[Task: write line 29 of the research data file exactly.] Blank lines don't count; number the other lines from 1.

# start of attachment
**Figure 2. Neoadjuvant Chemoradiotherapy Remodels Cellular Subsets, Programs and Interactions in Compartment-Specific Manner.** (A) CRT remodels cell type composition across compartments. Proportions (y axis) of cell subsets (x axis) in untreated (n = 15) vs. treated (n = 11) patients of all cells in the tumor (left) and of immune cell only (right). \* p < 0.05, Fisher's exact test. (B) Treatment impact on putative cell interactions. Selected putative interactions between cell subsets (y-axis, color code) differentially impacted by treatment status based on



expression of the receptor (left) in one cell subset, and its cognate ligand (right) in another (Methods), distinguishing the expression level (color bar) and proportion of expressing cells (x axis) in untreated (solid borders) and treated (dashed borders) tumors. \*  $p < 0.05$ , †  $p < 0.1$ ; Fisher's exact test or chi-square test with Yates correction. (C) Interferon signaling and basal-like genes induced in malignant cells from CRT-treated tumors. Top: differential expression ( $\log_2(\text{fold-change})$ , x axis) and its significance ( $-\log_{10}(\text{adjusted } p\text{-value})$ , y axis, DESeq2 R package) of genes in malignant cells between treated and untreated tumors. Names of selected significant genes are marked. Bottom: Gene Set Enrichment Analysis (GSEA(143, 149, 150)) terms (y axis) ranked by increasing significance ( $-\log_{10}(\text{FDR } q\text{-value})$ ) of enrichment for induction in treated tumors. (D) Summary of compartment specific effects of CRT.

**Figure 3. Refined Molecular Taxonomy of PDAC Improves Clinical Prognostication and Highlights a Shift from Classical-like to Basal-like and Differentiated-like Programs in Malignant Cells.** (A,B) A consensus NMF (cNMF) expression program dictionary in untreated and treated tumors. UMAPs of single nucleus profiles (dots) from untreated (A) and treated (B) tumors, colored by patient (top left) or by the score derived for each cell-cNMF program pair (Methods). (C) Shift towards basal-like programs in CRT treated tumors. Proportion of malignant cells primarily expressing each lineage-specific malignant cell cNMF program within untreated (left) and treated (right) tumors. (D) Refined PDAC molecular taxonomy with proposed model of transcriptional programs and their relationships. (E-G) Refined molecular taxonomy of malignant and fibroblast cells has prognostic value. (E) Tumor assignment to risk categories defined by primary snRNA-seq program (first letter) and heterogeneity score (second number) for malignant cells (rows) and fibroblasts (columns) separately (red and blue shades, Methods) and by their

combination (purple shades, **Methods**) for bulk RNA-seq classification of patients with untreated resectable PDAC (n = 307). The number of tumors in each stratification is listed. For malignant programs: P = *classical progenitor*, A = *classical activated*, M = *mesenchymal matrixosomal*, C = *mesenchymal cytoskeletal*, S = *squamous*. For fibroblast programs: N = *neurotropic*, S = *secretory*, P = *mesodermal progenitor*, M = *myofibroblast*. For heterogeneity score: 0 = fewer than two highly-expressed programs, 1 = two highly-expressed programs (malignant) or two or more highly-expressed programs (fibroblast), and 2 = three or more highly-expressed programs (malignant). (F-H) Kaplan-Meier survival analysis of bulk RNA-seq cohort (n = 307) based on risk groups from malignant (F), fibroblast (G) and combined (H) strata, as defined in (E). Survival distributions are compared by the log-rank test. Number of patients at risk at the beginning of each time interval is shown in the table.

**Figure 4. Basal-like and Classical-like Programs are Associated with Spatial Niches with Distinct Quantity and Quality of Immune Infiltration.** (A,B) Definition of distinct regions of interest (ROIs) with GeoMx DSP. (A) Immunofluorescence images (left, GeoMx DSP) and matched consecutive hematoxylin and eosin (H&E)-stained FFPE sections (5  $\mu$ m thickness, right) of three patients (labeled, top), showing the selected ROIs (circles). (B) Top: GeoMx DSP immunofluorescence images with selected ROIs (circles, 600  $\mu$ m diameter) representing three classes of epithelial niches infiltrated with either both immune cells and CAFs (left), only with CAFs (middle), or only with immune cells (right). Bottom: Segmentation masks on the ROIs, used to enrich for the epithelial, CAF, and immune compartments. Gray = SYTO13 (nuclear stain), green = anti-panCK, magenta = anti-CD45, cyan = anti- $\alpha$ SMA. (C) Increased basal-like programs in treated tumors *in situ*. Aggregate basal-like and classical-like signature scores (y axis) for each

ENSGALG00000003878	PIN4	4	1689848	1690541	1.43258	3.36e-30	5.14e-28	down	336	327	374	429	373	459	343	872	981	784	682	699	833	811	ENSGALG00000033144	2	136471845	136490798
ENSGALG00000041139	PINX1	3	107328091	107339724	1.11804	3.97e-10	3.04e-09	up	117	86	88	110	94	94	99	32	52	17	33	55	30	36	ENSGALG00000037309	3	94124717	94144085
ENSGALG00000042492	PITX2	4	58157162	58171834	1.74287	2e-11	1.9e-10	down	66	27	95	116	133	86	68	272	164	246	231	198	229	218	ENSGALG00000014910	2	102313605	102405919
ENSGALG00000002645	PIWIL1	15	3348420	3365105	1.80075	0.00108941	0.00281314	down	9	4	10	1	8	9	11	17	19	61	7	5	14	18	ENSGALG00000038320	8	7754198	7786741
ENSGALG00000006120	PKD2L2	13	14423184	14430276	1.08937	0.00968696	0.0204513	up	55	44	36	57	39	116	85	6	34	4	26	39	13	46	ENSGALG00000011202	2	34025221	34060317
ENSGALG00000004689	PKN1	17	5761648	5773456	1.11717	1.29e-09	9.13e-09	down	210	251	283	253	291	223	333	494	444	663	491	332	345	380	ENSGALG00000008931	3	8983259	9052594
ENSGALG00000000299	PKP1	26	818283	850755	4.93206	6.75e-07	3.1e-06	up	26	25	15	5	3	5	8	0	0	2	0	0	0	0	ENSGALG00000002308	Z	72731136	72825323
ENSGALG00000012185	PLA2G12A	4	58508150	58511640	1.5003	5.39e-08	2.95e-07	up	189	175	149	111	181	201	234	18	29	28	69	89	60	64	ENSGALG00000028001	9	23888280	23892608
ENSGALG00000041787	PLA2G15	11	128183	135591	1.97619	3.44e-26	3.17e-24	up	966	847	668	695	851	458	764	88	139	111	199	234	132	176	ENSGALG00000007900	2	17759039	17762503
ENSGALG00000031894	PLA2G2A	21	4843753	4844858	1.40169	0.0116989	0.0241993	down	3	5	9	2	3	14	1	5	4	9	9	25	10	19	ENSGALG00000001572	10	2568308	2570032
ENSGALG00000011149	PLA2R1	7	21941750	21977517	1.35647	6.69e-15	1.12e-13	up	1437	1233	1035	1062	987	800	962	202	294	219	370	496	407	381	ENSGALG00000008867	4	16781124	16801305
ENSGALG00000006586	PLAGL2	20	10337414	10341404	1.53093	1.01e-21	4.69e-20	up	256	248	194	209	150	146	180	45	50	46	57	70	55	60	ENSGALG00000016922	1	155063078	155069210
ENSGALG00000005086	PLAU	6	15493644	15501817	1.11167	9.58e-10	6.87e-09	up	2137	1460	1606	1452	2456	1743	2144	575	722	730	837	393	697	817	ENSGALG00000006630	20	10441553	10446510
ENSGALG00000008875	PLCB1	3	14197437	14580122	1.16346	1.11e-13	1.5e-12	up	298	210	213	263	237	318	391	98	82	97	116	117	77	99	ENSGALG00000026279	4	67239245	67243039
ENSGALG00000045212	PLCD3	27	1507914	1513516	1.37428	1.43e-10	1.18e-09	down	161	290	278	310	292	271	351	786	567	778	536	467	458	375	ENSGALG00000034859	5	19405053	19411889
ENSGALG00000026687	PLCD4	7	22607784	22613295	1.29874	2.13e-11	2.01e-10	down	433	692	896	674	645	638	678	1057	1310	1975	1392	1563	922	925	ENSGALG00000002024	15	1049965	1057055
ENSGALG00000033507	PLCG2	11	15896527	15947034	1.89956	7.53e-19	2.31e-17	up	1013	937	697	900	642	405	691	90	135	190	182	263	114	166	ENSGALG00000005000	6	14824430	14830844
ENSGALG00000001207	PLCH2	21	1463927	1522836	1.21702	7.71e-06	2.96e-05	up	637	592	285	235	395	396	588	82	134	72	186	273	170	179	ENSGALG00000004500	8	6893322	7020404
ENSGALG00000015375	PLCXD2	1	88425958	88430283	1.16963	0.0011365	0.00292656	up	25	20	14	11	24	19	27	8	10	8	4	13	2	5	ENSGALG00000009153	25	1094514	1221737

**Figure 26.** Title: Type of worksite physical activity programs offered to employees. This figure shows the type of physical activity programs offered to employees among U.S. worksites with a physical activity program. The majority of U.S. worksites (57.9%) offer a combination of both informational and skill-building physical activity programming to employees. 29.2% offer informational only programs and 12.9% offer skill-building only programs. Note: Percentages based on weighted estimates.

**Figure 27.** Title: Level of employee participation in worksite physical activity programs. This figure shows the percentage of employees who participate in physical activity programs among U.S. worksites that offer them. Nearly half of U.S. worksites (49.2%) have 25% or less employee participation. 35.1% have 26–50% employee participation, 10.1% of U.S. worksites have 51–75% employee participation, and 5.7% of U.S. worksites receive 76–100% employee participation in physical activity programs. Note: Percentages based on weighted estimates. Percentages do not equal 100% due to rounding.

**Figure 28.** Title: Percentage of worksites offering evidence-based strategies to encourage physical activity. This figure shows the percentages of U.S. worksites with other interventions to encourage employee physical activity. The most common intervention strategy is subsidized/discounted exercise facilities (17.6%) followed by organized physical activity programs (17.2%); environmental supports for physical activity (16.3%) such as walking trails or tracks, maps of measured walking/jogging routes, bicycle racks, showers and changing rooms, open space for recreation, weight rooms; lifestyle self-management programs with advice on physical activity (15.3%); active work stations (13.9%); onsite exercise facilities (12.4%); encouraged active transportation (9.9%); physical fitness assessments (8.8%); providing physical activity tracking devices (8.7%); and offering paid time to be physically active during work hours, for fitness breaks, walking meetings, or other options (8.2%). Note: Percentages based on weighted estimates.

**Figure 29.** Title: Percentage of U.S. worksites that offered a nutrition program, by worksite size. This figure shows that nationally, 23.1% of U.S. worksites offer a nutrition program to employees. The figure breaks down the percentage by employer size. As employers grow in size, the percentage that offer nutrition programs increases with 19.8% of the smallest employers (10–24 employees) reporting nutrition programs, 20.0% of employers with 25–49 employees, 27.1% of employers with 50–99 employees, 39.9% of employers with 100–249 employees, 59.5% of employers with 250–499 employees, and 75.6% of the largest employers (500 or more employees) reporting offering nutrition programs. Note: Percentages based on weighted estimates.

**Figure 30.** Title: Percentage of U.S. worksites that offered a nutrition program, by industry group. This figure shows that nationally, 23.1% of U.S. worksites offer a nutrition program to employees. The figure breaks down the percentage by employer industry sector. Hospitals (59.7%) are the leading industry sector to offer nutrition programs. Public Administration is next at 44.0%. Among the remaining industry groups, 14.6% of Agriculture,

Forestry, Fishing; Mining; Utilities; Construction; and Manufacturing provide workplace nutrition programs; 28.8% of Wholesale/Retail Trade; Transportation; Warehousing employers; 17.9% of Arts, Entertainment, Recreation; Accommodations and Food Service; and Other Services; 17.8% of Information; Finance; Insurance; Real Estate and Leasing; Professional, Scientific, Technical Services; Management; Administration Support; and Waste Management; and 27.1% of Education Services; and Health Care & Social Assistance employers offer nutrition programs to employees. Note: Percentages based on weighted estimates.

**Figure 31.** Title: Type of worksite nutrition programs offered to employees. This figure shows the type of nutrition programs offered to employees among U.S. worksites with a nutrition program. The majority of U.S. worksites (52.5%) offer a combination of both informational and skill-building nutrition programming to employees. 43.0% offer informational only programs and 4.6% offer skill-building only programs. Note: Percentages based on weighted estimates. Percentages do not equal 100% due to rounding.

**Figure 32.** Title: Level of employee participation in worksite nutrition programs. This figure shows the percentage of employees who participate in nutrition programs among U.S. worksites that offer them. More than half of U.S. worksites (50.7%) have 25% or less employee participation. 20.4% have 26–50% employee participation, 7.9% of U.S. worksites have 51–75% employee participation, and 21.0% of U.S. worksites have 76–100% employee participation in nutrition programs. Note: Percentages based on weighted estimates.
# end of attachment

**Figure 30.** Title: Percentage of U.S. worksites that offered a nutrition program, by industry group. This figure shows that nationally, 23.1% of U.S. worksites offer a nutrition program to employees. The figure breaks down the percentage by employer industry sector. Hospitals (59.7%) are the leading industry sector to offer nutrition programs. Public Administration is next at 44.0%. Among the remaining industry groups, 14.6% of Agriculture,